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By The Numbers

Workplace Survey, Findings

1.Workers are struggling to work effectively. 

When focus is compromised in pursuit of Collaboration, neither works well.

2. Effective workplaces balance focus and collaboration. 

Workplaces designed to enable collaboration without sacrificing employees’ ability to focus are more successful.

3. Choice drives performance and innovation. 

Employers who provide a spectrum of choices for when and where to work are seen as more innovative and have higher-performing employees.

 

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LESS IS MORE: THE OLD LESSON FROM HENRY FORD

When Ford offered the Model T in just one color it was on a mission to build a better vehicle. Ford knew that every decision made is at the expense of an alternative. Even with today’s technological advances, there's still only so much time in a day and so many resources available. Auto manufacturers--like any industry or business--must make decisions at the expense of others every day. In other words, in the early 1900s, Ford recognized that compromise was necessary for efficiency and quality. When he, famously said, "Any customer can have a car painted any color that he wants, so long as it is black”, the reason for this was because achieving production line efficiency and improved product quality required compromise.

 

“Doing fewer things comes with the benefit of doing things more efficiently” says Kelly Main, a Marketing Expert, “streamlining the production process means superior production. It's perhaps the same dilemma that a business such as McDonald's faces, as it continuously expands its menu offerings--complicating the production process, making efficiency more difficult, and lending to its ongoing broken ice cream machine conundrum.”

“The idea that fewer options mean higher quality, more sales, and increased customer satisfaction are widely understood but largely unpracticed” suggests Main. “Options muddy the water, and the most successful companies are those that make the decision for their consumers crystal clear. Start-ups that not only understand this but live this are those that outlive the competition and become the most successful in their markets, marrying production efficiency and product quality, leading to increased sales and satisfied customers” says Main.

In the 21st century, Ford’s principle holds the unexpected key to building automobiles of the future, though it's not Ford that is using it, but Tesla does it by simply recognizing that too much choice is a bad thing. In effect, in a market bursting with decision overload, Tesla stands out with fewer choices. Compared with auto brands like Toyota, Tesla offers about one-third of the color options and one-quarter of the models. Meanwhile, on paper, Tesla's stock value is more than 4X that of Toyota.

“Tesla has built a brand on fewer options, with its futuristic--and predominantly white--electric vehicles. But the real genius behind the limited color selection at Tesla isn't rooted in brand building. It's in consumer behavior and psychology. When a business works tirelessly chasing the whims of every customer, it dilutes its offering. Often, the more a business tries to appease everyone, the more it struggles to satisfy anyone” says Main.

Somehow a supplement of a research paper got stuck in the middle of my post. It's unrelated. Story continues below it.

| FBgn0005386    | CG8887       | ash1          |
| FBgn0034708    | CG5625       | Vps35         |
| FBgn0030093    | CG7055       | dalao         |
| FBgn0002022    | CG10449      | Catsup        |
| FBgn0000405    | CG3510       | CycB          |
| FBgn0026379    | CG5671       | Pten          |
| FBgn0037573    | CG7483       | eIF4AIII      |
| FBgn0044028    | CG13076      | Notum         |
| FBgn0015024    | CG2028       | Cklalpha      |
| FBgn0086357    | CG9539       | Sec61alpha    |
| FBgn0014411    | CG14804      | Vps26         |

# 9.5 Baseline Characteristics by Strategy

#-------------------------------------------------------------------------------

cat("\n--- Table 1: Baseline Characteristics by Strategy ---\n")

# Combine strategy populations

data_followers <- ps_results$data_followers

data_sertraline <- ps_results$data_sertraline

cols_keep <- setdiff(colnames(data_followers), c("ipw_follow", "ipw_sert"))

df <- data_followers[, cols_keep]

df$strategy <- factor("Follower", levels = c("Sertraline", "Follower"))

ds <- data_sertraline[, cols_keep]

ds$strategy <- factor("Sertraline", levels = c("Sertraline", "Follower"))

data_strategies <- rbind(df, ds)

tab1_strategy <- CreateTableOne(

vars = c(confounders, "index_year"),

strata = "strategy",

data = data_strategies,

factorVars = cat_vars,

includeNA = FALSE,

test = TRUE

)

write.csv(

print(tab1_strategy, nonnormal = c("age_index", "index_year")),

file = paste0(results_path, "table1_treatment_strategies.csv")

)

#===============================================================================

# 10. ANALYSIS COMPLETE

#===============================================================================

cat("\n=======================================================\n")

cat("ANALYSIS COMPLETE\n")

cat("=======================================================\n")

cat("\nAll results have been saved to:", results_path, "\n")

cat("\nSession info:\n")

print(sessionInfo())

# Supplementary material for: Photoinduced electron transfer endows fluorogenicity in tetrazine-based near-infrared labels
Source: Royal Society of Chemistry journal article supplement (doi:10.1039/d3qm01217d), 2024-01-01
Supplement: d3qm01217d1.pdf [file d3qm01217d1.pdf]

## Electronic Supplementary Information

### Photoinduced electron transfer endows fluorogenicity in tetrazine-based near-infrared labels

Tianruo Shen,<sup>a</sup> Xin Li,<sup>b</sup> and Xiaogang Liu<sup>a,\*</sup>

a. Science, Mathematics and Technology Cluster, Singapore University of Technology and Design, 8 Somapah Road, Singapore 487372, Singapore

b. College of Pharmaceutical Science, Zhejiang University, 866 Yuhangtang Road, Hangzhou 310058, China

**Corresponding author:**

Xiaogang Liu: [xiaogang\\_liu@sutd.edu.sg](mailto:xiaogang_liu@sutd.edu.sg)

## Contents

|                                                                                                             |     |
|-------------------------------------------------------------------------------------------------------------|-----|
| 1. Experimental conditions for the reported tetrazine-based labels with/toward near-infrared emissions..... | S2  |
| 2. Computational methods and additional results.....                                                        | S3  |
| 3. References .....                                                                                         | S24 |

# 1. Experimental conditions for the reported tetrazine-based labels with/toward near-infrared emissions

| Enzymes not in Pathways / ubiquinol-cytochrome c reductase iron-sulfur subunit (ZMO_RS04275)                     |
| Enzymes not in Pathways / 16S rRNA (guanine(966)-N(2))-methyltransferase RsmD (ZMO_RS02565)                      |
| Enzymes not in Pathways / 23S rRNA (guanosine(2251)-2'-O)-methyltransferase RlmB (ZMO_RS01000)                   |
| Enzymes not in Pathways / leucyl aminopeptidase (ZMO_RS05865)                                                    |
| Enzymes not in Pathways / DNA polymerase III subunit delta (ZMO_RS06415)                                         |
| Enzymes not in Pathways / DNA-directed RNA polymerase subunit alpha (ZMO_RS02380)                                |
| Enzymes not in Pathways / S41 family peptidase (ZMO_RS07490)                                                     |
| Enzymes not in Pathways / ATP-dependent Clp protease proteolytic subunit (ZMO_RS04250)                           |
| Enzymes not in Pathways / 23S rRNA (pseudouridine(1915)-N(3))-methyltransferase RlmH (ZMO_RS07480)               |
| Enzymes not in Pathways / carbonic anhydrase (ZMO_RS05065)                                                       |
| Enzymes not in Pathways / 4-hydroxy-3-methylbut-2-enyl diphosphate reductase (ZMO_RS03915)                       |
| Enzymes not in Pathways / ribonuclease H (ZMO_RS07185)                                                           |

Even though the concept itself is 113-year-old, many business leaders get blinded by wide product offerings. Take restaurants, for example. Many try to appeal to every patron's taste, and yet when a patron is faced with a novella of a menu, their hearts don't jump with delight, as the restaurant may envision, but their heads spin.

Psychologically, and according to the paradox of choice, people may be drawn to a plethora of options, and yet the more options they have, the less satisfied they are with their choice. In fact, adults make more than 35,000 decisions per day. Our brains are bursting with conscious and subconscious decision-making, and so what we want isn't another choice but the reprieve of fewer--but superior--options.

“Businesses that try to do everything do less of any one thing. Those that become the best--whether automakers like Tesla or the world's top athletes--are those who focus on quality over quantity” suggests Main. “Time is invested in becoming an expert at one thing. We become what we focus our energy on. And in a market of abundant choice, the best products or services aren't those that do it all, but those that are all in one doing one thing. Not only does a large number of products and product options lead to lower product quality, but an abundance of options leads to decision overload.”

Time and time again, research proves that more isn't always better and that when consumers are faced with too much choice, they're less likely to make a choice. “In other words, offering more oftentimes means selling less. And when you do land a sale, customers with a large library of choices are less satisfied with their choice. Think of it as less choice, more commitment” concludes Main.